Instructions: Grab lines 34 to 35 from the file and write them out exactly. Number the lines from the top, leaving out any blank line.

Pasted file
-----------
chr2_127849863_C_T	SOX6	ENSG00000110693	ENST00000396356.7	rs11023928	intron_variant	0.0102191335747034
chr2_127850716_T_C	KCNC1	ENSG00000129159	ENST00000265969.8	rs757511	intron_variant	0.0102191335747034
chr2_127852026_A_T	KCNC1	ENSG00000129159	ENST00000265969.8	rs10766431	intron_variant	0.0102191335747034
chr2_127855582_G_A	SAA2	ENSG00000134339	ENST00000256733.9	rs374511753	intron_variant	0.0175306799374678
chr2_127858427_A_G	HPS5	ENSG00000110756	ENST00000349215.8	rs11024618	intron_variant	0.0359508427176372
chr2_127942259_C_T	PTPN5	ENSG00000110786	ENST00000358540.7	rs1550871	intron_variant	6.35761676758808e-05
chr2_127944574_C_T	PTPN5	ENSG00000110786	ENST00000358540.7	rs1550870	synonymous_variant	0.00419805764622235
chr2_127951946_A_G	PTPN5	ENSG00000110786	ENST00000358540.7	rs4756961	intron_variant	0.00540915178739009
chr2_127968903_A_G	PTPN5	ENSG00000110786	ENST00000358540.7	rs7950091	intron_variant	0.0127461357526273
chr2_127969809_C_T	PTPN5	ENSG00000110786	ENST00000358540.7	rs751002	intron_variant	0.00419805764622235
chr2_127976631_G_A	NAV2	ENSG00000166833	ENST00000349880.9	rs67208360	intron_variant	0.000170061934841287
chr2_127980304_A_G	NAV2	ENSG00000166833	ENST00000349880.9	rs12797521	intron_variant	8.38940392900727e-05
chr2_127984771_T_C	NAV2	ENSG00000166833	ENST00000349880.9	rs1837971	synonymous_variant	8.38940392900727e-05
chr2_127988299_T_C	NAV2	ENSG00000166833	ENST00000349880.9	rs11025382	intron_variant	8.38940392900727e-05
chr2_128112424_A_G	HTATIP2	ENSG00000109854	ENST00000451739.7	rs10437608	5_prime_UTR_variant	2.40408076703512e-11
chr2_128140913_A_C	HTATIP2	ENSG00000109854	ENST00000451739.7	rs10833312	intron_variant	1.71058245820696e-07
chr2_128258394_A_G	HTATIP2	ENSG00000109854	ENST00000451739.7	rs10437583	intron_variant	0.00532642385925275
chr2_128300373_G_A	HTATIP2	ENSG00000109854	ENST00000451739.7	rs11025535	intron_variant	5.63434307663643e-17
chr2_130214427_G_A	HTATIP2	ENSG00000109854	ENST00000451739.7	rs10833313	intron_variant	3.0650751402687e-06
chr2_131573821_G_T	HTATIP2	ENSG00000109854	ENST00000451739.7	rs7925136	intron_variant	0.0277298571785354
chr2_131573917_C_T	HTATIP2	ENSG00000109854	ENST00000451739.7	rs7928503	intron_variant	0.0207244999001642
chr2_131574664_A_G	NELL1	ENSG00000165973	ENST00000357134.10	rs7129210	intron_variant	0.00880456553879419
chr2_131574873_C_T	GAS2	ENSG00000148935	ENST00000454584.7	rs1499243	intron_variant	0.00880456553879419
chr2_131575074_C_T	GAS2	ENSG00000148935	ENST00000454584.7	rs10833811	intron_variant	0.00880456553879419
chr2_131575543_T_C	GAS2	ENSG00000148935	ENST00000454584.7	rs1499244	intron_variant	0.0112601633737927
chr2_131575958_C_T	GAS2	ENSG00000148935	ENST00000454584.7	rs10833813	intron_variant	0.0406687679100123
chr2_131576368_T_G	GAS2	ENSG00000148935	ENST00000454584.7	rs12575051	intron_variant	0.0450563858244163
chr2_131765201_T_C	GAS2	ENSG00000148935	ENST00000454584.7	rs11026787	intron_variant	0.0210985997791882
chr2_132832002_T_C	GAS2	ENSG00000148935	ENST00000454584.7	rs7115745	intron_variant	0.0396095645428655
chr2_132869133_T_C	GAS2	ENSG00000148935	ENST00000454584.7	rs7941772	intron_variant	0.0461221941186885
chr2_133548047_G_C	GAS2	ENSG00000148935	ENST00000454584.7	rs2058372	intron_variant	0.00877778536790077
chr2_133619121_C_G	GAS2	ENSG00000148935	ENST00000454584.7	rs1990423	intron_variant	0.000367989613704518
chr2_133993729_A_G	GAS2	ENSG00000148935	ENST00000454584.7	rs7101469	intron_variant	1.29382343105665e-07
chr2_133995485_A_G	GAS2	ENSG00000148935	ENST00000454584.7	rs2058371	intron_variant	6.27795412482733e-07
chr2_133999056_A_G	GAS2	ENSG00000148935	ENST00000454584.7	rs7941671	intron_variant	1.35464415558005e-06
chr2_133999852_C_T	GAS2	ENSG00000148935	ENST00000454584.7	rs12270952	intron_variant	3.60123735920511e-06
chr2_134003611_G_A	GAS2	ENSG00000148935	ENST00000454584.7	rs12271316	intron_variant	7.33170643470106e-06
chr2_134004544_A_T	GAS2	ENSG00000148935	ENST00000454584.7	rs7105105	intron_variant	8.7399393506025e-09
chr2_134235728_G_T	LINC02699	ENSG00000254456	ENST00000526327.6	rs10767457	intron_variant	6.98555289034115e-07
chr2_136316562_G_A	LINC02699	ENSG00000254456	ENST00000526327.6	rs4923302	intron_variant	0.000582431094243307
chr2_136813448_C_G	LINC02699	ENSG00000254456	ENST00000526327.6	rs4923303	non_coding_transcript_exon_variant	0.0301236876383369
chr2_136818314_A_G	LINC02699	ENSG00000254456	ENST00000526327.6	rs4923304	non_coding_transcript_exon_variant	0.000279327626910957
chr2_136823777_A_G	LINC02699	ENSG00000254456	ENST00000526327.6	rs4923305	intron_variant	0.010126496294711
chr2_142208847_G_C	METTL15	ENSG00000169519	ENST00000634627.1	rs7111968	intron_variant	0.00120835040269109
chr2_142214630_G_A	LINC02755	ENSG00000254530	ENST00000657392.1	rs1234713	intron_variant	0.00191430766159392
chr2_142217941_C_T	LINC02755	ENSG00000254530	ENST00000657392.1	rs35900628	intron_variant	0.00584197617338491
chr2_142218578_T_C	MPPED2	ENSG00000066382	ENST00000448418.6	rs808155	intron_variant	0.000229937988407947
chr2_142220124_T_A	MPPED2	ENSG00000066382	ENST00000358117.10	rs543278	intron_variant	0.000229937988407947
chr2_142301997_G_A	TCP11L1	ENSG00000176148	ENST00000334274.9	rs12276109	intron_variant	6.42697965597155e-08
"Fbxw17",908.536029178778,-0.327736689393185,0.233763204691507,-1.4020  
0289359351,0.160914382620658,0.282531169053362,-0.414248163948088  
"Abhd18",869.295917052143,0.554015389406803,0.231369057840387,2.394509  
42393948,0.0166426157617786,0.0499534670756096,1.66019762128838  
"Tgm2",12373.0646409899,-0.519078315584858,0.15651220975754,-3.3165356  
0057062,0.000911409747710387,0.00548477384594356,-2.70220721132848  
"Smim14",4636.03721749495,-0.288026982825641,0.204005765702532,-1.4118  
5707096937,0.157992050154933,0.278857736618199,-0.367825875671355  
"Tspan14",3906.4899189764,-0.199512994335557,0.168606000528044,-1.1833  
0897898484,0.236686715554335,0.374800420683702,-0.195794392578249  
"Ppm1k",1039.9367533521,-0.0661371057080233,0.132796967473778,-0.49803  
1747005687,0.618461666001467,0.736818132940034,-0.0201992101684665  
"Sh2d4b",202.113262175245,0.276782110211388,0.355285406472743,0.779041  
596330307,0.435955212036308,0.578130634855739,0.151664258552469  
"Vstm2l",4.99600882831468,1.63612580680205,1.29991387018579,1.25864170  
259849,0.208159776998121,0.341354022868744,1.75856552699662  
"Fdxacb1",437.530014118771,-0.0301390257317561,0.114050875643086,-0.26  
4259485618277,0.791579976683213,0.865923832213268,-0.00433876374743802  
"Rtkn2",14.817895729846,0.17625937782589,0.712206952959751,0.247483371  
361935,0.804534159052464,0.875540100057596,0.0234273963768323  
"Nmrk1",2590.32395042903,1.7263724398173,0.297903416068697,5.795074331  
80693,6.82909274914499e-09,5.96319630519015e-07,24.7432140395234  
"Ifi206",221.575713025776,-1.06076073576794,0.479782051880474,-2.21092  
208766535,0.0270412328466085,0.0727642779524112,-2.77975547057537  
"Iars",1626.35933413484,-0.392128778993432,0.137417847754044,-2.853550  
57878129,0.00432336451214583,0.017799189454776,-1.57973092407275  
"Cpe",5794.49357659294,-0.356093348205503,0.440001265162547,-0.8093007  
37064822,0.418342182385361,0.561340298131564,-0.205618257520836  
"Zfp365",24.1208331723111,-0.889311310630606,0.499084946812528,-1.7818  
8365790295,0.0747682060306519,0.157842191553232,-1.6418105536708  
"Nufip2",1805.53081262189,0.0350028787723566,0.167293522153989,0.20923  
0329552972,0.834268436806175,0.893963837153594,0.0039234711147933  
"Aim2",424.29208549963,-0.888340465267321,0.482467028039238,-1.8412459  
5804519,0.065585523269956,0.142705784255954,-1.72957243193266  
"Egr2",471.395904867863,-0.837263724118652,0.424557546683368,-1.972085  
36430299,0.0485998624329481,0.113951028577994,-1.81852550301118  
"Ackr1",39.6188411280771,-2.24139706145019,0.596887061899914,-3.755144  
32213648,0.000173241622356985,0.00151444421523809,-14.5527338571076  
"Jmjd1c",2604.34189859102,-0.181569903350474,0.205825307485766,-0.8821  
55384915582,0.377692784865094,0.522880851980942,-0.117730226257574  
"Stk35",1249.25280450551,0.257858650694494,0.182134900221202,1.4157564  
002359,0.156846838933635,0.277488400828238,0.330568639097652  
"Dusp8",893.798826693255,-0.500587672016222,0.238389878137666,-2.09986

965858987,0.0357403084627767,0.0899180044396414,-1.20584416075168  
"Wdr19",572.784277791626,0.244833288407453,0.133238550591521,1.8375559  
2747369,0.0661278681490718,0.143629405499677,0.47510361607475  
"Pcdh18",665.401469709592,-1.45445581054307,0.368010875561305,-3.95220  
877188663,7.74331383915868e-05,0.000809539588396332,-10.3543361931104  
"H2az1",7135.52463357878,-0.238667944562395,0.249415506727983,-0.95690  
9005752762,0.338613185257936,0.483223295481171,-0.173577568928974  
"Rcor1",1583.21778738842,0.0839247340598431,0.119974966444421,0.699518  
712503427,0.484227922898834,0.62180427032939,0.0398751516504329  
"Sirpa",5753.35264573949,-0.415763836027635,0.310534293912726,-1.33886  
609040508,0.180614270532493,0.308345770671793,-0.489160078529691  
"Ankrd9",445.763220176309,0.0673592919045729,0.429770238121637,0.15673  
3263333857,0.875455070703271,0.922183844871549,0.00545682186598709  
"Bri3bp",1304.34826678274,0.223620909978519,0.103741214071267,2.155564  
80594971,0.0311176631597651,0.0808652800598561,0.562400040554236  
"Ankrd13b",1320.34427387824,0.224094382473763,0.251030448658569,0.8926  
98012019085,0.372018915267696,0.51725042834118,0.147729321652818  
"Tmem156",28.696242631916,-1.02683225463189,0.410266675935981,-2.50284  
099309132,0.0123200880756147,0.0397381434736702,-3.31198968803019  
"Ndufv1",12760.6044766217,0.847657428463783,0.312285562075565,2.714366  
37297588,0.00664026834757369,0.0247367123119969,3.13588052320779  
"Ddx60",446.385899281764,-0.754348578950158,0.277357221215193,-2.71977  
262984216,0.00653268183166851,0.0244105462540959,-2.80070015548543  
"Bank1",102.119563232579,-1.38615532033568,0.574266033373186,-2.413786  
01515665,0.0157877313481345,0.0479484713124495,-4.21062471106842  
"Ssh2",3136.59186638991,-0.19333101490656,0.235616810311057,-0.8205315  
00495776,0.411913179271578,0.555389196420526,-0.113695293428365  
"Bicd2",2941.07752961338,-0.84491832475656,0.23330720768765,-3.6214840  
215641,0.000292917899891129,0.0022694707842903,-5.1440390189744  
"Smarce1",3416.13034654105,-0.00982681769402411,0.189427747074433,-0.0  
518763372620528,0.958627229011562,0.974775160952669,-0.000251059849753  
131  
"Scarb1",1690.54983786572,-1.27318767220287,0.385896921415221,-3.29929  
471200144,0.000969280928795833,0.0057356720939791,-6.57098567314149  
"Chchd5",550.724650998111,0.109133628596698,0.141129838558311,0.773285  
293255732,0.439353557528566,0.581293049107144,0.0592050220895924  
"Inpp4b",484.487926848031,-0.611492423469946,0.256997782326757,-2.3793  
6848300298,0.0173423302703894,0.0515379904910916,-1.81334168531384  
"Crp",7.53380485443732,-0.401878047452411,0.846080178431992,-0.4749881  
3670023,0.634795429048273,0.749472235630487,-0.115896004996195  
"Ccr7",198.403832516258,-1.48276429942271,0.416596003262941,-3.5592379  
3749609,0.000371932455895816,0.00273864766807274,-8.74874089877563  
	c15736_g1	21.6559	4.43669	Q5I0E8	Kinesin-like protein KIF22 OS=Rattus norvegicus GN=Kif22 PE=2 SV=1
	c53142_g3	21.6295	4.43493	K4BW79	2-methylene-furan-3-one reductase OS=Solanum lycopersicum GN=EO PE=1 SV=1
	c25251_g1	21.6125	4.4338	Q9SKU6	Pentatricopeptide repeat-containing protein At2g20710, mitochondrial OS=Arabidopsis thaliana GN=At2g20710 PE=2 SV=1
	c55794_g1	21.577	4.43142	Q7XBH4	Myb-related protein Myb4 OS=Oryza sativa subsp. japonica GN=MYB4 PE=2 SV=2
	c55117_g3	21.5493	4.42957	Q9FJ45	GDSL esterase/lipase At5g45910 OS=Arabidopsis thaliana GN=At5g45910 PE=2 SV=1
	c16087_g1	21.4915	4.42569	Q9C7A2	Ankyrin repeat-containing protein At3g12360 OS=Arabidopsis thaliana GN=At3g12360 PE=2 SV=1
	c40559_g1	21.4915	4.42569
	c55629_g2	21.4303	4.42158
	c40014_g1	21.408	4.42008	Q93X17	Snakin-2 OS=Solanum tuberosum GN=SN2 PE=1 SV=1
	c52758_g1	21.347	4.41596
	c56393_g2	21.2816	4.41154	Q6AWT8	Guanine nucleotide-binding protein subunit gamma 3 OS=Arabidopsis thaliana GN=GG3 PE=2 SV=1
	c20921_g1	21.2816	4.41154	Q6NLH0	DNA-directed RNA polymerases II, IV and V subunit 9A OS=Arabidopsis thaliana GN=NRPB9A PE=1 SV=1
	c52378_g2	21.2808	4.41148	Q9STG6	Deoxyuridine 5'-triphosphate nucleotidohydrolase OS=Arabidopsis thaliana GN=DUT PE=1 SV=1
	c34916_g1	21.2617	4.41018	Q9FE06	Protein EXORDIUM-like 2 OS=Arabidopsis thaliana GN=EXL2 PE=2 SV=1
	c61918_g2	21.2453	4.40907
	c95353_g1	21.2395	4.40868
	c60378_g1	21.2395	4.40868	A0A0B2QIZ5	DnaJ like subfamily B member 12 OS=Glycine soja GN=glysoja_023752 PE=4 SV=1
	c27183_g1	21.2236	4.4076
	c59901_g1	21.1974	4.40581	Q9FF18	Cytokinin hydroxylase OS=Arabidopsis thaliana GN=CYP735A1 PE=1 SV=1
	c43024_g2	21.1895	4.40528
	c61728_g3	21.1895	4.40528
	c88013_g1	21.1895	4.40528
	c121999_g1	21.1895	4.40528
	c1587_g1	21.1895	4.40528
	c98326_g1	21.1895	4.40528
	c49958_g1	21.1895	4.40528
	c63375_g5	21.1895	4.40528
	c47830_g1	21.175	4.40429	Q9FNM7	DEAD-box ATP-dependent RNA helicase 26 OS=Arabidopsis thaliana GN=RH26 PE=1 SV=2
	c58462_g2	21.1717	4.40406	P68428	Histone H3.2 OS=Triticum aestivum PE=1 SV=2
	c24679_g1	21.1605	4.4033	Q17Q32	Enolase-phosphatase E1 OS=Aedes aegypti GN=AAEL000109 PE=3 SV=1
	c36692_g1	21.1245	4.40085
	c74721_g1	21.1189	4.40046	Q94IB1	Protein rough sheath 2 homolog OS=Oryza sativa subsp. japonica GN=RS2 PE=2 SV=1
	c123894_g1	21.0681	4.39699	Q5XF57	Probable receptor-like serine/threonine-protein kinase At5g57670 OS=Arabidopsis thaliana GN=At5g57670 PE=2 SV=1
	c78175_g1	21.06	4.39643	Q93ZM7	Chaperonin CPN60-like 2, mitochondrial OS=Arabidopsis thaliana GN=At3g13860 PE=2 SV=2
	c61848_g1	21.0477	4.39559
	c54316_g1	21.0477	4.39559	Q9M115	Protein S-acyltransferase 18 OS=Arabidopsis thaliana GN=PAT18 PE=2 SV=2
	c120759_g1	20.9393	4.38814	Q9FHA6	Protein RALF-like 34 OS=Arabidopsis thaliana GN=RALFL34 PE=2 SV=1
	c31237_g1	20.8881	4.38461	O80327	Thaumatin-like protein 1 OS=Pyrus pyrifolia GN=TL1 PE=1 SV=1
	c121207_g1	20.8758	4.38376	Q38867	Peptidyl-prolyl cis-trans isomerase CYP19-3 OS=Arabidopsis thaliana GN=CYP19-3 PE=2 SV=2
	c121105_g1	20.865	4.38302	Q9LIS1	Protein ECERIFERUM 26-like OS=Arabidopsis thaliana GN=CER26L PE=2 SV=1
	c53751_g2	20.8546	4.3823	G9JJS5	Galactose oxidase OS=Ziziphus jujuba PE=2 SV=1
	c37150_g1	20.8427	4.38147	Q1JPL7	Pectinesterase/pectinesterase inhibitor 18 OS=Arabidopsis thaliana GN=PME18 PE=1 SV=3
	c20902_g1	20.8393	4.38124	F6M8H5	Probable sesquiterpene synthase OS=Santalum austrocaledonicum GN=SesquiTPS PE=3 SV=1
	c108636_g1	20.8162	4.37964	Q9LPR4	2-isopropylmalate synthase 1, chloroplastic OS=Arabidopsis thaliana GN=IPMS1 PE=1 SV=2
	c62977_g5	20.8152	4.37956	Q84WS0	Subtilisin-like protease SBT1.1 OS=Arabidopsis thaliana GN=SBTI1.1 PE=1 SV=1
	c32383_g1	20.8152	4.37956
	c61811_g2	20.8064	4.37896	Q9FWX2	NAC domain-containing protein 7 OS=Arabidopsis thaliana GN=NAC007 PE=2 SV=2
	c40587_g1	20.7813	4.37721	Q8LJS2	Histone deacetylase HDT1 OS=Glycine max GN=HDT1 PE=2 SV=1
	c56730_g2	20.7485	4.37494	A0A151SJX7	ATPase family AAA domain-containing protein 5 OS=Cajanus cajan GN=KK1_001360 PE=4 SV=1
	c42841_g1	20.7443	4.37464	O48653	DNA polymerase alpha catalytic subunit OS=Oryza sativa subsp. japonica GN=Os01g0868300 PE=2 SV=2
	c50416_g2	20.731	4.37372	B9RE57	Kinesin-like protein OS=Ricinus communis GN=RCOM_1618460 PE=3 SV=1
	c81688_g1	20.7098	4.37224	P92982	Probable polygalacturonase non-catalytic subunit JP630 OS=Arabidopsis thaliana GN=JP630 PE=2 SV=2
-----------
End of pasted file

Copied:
chr2_133995485_A_G	GAS2	ENSG00000148935	ENST00000454584.7	rs2058371	intron_variant	6.27795412482733e-07
chr2_133999056_A_G	GAS2	ENSG00000148935	ENST00000454584.7	rs7941671	intron_variant	1.35464415558005e-06